Let yourself be silently drawn by the strange pull of what you really love.
It will not lead you astray.
In the last five days I have completed five rows of knitting, except for the second row, which my friend Joani finished off when my hand cramped up.
This is a great and unexpected event. Ever since I tried to get my grandma to teach me and she laughed my awkward fingers off the wool—Maybe you should try crochet, she said. It’s easier—I have cast not a single stitch, nor considered that I ever could. I have recently been gearing up to learn to sew a bit, since the simple clothes I like are not accessible easily, but knit? It never crossed my mind.
However, you will see the pleasure that I take in knitted wristlets, of which I have a dozen pairs or more. Wood, wool, leaf and feather, branchlet, sundog, fire. I love the taste and texture of the living world and every time I pass the wool shop—always closed—I stop and linger at the glass, taking in the skeins and skeins of every coloured yarn, the toques and neckpieces, the birchwood needles, the baskets... A feast for eyes and heart.
A friend asked if anyone knew how to make the cables stand out more clearly in his sweaters. I stopped by the store—open for a change—and asked.
And chatted and sat. Was challenged, So are you going to learn to knit now?
This is how I see it.
No. I am not going to learn to knit. I don’t want another craft to labour over, study, perfect. I want a restful pastime. Something to do with my hands besides making something else to eat.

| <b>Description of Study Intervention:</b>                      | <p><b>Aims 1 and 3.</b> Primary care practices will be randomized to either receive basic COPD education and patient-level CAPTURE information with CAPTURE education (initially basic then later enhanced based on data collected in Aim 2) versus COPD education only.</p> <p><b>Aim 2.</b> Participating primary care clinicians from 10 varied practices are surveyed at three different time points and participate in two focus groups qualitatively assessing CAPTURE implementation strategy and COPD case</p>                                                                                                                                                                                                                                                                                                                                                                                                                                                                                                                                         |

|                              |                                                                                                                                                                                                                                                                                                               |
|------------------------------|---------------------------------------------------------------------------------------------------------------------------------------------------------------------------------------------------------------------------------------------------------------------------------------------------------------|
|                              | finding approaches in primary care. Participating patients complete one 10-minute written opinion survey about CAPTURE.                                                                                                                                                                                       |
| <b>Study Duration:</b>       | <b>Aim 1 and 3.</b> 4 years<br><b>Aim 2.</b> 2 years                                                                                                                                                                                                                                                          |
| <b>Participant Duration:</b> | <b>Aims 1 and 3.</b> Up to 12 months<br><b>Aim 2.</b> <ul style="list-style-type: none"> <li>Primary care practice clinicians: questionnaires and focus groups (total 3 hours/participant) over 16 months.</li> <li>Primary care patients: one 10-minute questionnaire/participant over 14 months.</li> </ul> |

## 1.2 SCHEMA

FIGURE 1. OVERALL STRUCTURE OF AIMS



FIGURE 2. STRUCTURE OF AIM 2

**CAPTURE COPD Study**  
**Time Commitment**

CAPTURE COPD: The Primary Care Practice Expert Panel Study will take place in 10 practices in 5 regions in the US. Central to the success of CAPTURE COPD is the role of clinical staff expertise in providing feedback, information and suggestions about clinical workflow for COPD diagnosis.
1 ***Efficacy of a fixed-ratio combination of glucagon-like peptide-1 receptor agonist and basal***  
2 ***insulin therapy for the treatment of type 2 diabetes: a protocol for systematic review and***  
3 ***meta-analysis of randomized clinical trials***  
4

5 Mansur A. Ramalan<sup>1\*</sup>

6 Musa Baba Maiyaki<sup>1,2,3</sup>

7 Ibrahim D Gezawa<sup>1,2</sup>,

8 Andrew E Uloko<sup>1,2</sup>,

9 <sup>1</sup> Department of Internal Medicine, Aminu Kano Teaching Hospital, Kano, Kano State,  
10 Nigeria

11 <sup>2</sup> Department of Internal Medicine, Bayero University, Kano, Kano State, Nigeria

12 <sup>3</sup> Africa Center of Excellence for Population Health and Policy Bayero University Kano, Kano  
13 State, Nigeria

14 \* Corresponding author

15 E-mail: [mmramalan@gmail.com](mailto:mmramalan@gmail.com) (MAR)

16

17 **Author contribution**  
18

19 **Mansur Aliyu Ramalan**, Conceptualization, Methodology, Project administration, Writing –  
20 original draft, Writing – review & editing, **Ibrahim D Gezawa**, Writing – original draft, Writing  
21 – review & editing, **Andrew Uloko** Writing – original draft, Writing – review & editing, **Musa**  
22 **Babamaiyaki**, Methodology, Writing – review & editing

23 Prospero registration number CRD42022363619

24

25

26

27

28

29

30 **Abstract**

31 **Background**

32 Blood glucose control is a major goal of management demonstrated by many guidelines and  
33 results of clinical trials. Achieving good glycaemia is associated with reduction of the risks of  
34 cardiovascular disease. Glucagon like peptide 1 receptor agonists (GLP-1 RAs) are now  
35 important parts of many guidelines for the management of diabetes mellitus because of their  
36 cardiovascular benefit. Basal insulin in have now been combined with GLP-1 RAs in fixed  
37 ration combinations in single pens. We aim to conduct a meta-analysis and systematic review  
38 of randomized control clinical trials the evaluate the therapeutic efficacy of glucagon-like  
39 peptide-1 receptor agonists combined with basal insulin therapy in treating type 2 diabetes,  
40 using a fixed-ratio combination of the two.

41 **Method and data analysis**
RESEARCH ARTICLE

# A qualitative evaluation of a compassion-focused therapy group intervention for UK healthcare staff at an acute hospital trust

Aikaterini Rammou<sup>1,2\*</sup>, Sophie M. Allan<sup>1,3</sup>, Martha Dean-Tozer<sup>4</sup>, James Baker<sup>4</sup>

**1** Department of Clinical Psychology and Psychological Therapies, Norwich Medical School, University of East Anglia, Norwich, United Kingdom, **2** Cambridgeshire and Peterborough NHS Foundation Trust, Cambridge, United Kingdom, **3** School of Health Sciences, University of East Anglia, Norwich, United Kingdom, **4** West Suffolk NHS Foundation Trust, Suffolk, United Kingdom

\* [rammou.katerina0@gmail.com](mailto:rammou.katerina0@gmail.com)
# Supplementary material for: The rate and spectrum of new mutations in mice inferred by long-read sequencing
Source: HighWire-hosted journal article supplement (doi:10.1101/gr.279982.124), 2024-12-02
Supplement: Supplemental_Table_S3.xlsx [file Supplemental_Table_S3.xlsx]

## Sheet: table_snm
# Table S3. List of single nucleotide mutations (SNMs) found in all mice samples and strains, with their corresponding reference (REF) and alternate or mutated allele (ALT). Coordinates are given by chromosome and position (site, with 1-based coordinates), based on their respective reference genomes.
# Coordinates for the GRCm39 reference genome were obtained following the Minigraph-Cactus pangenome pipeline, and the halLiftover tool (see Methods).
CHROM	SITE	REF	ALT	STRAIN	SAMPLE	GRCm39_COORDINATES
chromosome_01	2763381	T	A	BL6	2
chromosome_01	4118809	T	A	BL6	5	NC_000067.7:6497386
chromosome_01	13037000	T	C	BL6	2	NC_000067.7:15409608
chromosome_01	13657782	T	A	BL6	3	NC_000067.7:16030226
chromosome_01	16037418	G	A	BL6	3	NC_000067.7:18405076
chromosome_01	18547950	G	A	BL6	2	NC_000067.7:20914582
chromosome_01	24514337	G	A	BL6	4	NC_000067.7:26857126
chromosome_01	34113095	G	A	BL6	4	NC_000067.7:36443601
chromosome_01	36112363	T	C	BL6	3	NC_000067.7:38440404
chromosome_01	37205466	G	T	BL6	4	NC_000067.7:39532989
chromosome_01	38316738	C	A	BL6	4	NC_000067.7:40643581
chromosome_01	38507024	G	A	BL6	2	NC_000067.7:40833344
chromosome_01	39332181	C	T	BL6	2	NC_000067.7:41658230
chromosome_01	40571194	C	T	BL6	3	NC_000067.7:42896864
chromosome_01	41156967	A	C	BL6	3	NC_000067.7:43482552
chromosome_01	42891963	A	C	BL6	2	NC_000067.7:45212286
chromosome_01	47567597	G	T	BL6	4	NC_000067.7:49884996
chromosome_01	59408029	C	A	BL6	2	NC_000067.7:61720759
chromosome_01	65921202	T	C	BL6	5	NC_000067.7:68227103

The young saleswoman swore she found knitting more relaxing than yoga, which she teaches. Well, I doubt I would. And with hands full of cramps I can’t expect to do a lot. But a single line? That’s kind of pleasant. Touching the wool, the smooth wood of the needles, admiring the colours of each. Making that simple stitch I saw made so many times so many years ago.
Maybe, after a few more weeks or months, I’ll have enough of my weird uneven rows to stitch the ends together and slide it on my wrist.
Oh, no! I just realized I’d have one wrist left to go. Oh, well. There’s always next year.
“...drawn silently by the strange pull of what you really love...” I love you, Gramma. And I do understand.
My grandma was named Marie Louise. Her mother was from France, her father was from Belgium, and she grew up in southern Saskatchewan. In Forget, in Saint Hubert. At four she went to live with the sisters, she and her sister Julienne. She stayed with them for more than twenty years, visiting her family on some vacations as they moved about trying to strike a living from the land.
She became a mother one day, marrying a man who came in on a threshing team. But how do you mother when you have never seen it done?
So laugh at my unschooled ways. My hurt is your hurt, too. But I love you still and like you eventually did, in the glamour of senility, I have let go of my anger at such acts of insensitivity.
Remember when you looked up at the flowers on the wallpaper and said how beautiful they were? When you heard children play outside and watched with vague curiosity? Remember me sitting next to you? Those were lovely days. Sweet moments and sad ones as you gradually went away. I had those. Who cares if I never learned to knit?
|Theresia & Marie Louise, Priest's House, Forget, Saskatchewan|